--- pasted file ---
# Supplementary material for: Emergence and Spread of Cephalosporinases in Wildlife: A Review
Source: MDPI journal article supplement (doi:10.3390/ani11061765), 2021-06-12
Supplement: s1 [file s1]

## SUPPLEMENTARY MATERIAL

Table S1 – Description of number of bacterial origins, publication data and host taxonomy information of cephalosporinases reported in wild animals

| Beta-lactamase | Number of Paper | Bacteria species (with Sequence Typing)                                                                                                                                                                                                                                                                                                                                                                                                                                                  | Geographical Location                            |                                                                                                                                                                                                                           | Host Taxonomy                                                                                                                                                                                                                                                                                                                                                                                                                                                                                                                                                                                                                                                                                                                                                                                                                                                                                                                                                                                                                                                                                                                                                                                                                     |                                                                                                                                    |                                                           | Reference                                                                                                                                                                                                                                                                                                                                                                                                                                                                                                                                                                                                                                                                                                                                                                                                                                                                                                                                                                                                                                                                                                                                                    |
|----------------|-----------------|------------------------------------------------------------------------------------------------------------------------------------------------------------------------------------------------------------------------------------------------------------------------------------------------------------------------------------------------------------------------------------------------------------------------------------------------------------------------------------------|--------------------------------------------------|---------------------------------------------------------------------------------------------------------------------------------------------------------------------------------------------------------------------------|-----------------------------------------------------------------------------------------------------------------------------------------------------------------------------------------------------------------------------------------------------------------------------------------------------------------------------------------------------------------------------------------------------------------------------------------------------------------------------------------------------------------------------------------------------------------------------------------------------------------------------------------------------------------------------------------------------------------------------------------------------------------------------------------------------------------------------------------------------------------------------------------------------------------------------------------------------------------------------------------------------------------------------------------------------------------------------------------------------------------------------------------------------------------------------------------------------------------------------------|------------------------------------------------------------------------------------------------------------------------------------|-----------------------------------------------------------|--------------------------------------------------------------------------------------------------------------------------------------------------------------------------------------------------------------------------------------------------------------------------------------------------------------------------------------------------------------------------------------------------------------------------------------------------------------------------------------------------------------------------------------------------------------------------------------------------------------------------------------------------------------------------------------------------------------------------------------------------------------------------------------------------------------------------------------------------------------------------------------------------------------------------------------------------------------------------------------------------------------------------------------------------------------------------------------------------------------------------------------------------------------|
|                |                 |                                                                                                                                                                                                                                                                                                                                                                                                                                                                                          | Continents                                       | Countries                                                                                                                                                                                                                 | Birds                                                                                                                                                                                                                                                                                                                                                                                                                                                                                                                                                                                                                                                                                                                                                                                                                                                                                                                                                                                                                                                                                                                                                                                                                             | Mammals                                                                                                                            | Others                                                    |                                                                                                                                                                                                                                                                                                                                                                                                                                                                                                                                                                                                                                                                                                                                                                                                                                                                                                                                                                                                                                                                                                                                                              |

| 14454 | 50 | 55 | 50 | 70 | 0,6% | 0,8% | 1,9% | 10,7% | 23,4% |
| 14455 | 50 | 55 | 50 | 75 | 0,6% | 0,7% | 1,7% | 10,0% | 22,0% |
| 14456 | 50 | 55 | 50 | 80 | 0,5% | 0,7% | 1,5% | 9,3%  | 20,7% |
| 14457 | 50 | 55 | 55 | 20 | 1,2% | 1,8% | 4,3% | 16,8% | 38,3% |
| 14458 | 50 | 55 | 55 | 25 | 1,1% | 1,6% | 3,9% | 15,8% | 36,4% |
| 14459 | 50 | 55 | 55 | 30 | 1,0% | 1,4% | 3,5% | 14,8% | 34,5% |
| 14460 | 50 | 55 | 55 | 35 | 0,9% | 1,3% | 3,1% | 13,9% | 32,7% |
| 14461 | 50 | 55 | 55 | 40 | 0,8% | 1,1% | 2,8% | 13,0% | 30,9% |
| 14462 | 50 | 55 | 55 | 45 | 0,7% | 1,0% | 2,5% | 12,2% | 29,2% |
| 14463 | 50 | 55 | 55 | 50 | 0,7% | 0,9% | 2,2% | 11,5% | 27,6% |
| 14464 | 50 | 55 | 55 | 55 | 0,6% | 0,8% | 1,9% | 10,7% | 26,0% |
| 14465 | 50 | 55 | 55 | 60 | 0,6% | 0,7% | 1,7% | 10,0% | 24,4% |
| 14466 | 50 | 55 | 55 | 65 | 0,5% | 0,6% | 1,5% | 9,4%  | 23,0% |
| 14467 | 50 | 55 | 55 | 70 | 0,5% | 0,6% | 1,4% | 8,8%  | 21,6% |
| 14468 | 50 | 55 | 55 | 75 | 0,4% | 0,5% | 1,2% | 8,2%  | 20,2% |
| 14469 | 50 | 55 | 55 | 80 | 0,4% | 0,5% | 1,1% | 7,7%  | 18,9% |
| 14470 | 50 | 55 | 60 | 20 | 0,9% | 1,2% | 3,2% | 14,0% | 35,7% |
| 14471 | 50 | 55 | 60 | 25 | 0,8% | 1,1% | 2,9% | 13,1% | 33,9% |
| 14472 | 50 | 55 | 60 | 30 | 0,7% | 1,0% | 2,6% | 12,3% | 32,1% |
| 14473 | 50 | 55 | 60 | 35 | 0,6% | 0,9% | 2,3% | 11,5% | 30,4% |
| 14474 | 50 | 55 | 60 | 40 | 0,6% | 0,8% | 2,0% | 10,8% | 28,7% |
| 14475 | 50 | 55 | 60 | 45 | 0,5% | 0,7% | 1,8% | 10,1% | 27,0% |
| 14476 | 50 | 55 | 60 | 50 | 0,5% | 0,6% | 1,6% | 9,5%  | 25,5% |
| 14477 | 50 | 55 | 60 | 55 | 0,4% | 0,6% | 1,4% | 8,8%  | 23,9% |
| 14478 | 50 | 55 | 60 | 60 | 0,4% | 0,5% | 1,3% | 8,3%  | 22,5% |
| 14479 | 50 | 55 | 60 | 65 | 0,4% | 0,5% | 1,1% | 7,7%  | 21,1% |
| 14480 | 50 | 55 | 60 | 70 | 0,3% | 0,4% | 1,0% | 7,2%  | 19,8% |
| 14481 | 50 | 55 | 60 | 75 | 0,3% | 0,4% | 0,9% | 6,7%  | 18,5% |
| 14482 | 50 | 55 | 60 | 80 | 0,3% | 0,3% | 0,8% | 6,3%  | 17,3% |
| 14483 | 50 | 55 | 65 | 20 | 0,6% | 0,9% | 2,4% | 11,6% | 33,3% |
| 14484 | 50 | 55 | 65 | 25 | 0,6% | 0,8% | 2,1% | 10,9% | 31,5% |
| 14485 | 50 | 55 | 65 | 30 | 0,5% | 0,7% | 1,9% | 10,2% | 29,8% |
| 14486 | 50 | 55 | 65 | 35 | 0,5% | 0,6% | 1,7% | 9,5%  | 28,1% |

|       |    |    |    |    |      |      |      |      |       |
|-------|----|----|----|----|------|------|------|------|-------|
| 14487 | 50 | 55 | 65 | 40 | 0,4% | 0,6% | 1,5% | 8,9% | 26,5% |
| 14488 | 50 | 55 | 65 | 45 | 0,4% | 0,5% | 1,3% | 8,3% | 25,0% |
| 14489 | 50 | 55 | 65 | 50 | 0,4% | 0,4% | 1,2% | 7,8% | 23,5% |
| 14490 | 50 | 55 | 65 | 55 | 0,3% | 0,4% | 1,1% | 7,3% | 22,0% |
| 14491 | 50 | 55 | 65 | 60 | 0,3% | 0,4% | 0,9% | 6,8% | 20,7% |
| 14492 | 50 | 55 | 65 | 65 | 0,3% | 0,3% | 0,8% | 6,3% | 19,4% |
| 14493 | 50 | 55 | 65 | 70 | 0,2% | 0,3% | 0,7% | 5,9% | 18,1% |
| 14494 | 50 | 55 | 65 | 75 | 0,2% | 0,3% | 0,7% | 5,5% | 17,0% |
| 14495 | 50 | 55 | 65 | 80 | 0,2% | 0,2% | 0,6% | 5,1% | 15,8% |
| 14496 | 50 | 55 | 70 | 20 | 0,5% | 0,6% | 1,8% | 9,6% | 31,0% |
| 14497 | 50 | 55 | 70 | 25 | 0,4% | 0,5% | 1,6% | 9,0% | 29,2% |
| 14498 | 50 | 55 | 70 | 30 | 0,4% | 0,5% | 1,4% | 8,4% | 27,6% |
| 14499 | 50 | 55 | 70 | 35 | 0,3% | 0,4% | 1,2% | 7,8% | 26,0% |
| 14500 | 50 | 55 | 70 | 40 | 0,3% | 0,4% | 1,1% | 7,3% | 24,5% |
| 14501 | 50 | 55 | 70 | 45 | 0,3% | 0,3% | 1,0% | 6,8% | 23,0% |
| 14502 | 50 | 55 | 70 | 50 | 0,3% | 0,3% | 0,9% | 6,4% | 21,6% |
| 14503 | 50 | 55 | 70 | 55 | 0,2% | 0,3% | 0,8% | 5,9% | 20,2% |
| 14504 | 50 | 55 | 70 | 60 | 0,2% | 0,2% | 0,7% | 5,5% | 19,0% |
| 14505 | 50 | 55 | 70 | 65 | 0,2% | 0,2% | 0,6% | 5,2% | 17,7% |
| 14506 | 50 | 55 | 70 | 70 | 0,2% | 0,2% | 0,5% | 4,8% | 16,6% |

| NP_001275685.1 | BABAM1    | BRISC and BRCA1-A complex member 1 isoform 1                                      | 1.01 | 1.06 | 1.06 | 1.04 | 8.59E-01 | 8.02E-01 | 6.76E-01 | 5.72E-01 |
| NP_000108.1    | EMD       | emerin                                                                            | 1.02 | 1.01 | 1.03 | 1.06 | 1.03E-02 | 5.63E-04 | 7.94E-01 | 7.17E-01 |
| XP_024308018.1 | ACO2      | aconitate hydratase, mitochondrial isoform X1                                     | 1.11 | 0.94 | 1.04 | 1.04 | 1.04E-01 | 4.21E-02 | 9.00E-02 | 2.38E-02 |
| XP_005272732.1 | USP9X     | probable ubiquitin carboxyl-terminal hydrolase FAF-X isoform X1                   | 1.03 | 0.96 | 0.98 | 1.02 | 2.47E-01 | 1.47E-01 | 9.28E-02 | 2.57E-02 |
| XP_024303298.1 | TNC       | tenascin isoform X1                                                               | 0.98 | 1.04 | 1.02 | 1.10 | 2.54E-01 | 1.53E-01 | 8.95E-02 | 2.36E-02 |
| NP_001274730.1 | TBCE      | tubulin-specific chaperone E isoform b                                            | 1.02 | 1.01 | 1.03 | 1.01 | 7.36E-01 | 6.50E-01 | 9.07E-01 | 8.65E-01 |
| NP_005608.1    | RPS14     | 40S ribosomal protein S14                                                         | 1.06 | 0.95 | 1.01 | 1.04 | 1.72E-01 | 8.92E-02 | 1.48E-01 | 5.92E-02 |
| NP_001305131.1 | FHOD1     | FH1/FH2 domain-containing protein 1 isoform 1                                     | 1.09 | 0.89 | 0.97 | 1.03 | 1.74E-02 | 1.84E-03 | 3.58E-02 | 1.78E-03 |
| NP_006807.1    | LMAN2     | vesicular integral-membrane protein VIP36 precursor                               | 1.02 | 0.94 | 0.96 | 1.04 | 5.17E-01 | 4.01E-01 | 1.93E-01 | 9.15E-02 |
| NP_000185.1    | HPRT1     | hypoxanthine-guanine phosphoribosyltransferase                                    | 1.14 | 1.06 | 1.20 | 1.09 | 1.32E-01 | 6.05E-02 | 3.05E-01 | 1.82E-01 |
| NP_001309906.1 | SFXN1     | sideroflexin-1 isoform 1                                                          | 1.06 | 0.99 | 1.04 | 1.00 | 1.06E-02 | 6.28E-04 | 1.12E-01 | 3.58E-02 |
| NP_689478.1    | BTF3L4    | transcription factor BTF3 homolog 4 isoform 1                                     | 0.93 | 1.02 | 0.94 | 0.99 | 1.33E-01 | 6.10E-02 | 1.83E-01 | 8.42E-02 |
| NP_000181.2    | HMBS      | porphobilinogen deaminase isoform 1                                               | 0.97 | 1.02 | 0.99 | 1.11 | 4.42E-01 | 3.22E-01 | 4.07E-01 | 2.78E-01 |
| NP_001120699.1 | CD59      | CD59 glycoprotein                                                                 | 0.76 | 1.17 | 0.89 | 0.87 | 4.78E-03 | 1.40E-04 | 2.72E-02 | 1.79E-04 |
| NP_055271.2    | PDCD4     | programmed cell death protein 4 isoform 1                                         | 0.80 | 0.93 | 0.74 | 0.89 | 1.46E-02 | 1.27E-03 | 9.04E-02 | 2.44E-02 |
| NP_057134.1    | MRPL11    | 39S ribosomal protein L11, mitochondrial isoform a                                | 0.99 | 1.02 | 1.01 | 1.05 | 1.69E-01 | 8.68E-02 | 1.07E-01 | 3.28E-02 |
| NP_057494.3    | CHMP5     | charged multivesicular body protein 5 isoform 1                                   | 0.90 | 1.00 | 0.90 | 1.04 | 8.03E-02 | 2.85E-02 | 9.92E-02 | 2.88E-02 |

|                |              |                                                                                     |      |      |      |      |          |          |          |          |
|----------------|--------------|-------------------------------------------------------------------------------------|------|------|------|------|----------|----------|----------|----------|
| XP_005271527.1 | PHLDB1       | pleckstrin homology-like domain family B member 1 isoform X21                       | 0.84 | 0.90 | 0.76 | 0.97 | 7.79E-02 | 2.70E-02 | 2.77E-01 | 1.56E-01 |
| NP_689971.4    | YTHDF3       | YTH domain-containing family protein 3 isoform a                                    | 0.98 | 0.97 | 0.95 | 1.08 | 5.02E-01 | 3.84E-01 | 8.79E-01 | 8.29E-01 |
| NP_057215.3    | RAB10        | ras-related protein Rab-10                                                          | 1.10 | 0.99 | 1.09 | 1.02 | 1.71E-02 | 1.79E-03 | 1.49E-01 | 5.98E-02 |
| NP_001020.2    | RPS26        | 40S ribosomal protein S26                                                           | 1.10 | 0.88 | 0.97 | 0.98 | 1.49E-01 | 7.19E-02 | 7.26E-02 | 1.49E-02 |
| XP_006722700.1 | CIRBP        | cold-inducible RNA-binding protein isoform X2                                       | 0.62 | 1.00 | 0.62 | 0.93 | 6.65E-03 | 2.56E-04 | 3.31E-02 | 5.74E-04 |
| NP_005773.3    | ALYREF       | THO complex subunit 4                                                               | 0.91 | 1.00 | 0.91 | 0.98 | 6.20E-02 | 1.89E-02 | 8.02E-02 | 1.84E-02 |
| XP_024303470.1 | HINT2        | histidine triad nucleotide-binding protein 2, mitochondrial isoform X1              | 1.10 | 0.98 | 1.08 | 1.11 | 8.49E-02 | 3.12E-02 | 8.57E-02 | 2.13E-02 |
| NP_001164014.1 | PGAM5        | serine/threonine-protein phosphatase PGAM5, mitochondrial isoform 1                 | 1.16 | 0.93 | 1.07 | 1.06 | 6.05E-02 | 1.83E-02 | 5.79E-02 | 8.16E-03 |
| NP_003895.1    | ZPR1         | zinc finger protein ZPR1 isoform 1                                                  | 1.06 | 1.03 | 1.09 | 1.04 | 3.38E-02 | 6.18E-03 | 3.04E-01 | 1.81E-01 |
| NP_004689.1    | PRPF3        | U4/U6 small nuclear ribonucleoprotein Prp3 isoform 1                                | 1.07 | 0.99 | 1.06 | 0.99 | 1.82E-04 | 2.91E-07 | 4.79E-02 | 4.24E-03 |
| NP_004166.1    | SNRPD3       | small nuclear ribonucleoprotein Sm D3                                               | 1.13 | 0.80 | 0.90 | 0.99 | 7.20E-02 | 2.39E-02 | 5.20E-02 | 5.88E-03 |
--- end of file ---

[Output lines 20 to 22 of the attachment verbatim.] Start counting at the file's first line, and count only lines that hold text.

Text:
| 14465 | 50 | 55 | 55 | 60 | 0,6% | 0,7% | 1,7% | 10,0% | 24,4% |
| 14466 | 50 | 55 | 55 | 65 | 0,5% | 0,6% | 1,5% | 9,4%  | 23,0% |
| 14467 | 50 | 55 | 55 | 70 | 0,5% | 0,6% | 1,4% | 8,8%  | 21,6% |